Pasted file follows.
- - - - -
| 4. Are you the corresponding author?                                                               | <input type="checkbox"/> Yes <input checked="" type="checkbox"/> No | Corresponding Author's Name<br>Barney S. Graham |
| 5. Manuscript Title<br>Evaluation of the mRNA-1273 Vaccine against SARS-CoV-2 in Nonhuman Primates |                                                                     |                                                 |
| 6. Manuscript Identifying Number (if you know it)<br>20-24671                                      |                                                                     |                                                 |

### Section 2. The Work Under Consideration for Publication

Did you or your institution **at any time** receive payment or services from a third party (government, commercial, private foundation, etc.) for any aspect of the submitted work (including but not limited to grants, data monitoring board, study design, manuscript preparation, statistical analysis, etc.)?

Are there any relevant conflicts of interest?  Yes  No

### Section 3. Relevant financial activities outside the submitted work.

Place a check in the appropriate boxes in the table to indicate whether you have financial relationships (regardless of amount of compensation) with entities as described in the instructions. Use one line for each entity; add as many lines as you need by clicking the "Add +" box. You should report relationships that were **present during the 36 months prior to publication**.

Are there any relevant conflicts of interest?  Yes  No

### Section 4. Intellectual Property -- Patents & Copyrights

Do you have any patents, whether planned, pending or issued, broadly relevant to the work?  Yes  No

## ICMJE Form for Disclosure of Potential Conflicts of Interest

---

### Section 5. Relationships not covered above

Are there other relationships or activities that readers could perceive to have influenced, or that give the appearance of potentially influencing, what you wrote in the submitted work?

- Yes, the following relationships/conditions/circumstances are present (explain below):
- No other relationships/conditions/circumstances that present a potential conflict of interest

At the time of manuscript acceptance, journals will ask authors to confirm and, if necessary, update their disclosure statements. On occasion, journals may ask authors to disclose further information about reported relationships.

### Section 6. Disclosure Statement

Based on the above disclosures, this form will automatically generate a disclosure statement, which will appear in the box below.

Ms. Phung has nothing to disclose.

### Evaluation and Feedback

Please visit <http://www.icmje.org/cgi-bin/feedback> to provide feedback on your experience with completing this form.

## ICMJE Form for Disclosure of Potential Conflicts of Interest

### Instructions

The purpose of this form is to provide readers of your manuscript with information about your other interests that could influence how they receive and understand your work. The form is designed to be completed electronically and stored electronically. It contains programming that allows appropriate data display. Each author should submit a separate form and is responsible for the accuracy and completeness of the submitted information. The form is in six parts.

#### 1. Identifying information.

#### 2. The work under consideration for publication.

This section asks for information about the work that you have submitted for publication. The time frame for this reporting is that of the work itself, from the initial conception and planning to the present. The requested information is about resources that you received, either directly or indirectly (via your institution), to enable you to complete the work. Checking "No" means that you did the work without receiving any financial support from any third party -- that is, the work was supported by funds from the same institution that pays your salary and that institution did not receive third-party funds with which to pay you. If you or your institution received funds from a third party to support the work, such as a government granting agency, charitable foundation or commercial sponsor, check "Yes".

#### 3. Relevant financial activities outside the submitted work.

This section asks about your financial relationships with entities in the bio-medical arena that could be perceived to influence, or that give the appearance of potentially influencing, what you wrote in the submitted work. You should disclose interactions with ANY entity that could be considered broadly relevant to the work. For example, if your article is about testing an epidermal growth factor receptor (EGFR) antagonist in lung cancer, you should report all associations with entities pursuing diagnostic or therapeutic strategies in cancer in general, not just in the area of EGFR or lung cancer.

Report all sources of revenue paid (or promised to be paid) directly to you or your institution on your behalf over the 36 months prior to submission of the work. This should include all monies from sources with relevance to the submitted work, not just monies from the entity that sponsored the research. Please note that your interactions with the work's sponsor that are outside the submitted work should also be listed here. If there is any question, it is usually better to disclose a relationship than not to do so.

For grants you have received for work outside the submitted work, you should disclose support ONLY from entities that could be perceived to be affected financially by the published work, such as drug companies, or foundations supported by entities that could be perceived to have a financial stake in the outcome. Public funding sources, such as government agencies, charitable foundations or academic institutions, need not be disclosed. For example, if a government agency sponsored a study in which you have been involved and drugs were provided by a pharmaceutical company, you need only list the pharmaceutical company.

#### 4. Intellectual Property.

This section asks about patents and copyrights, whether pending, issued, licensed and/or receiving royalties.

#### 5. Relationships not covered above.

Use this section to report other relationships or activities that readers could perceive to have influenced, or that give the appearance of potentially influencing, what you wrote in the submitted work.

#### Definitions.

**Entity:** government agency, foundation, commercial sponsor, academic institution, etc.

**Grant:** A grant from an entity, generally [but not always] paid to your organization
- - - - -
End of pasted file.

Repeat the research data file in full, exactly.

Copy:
| 4. Are you the corresponding author?                                                               | <input type="checkbox"/> Yes <input checked="" type="checkbox"/> No | Corresponding Author's Name<br>Barney S. Graham |
| 5. Manuscript Title<br>Evaluation of the mRNA-1273 Vaccine against SARS-CoV-2 in Nonhuman Primates |                                                                     |                                                 |
| 6. Manuscript Identifying Number (if you know it)<br>20-24671                                      |                                                                     |                                                 |

### Section 2. The Work Under Consideration for Publication

Did you or your institution **at any time** receive payment or services from a third party (government, commercial, private foundation, etc.) for any aspect of the submitted work (including but not limited to grants, data monitoring board, study design, manuscript preparation, statistical analysis, etc.)?

Are there any relevant conflicts of interest?  Yes  No

### Section 3. Relevant financial activities outside the submitted work.

Place a check in the appropriate boxes in the table to indicate whether you have financial relationships (regardless of amount of compensation) with entities as described in the instructions. Use one line for each entity; add as many lines as you need by clicking the "Add +" box. You should report relationships that were **present during the 36 months prior to publication**.

Are there any relevant conflicts of interest?  Yes  No

### Section 4. Intellectual Property -- Patents & Copyrights

Do you have any patents, whether planned, pending or issued, broadly relevant to the work?  Yes  No

## ICMJE Form for Disclosure of Potential Conflicts of Interest

---

### Section 5. Relationships not covered above

Are there other relationships or activities that readers could perceive to have influenced, or that give the appearance of potentially influencing, what you wrote in the submitted work?

- Yes, the following relationships/conditions/circumstances are present (explain below):
- No other relationships/conditions/circumstances that present a potential conflict of interest

At the time of manuscript acceptance, journals will ask authors to confirm and, if necessary, update their disclosure statements. On occasion, journals may ask authors to disclose further information about reported relationships.

### Section 6. Disclosure Statement

Based on the above disclosures, this form will automatically generate a disclosure statement, which will appear in the box below.

Ms. Phung has nothing to disclose.

### Evaluation and Feedback

Please visit <http://www.icmje.org/cgi-bin/feedback> to provide feedback on your experience with completing this form.

## ICMJE Form for Disclosure of Potential Conflicts of Interest

### Instructions

The purpose of this form is to provide readers of your manuscript with information about your other interests that could influence how they receive and understand your work. The form is designed to be completed electronically and stored electronically. It contains programming that allows appropriate data display. Each author should submit a separate form and is responsible for the accuracy and completeness of the submitted information. The form is in six parts.

#### 1. Identifying information.

#### 2. The work under consideration for publication.

This section asks for information about the work that you have submitted for publication. The time frame for this reporting is that of the work itself, from the initial conception and planning to the present. The requested information is about resources that you received, either directly or indirectly (via your institution), to enable you to complete the work. Checking "No" means that you did the work without receiving any financial support from any third party -- that is, the work was supported by funds from the same institution that pays your salary and that institution did not receive third-party funds with which to pay you. If you or your institution received funds from a third party to support the work, such as a government granting agency, charitable foundation or commercial sponsor, check "Yes".

#### 3. Relevant financial activities outside the submitted work.

This section asks about your financial relationships with entities in the bio-medical arena that could be perceived to influence, or that give the appearance of potentially influencing, what you wrote in the submitted work. You should disclose interactions with ANY entity that could be considered broadly relevant to the work. For example, if your article is about testing an epidermal growth factor receptor (EGFR) antagonist in lung cancer, you should report all associations with entities pursuing diagnostic or therapeutic strategies in cancer in general, not just in the area of EGFR or lung cancer.

Report all sources of revenue paid (or promised to be paid) directly to you or your institution on your behalf over the 36 months prior to submission of the work. This should include all monies from sources with relevance to the submitted work, not just monies from the entity that sponsored the research. Please note that your interactions with the work's sponsor that are outside the submitted work should also be listed here. If there is any question, it is usually better to disclose a relationship than not to do so.

For grants you have received for work outside the submitted work, you should disclose support ONLY from entities that could be perceived to be affected financially by the published work, such as drug companies, or foundations supported by entities that could be perceived to have a financial stake in the outcome. Public funding sources, such as government agencies, charitable foundations or academic institutions, need not be disclosed. For example, if a government agency sponsored a study in which you have been involved and drugs were provided by a pharmaceutical company, you need only list the pharmaceutical company.

#### 4. Intellectual Property.

This section asks about patents and copyrights, whether pending, issued, licensed and/or receiving royalties.

#### 5. Relationships not covered above.

Use this section to report other relationships or activities that readers could perceive to have influenced, or that give the appearance of potentially influencing, what you wrote in the submitted work.

#### Definitions.

**Entity:** government agency, foundation, commercial sponsor, academic institution, etc.

**Grant:** A grant from an entity, generally [but not always] paid to your organization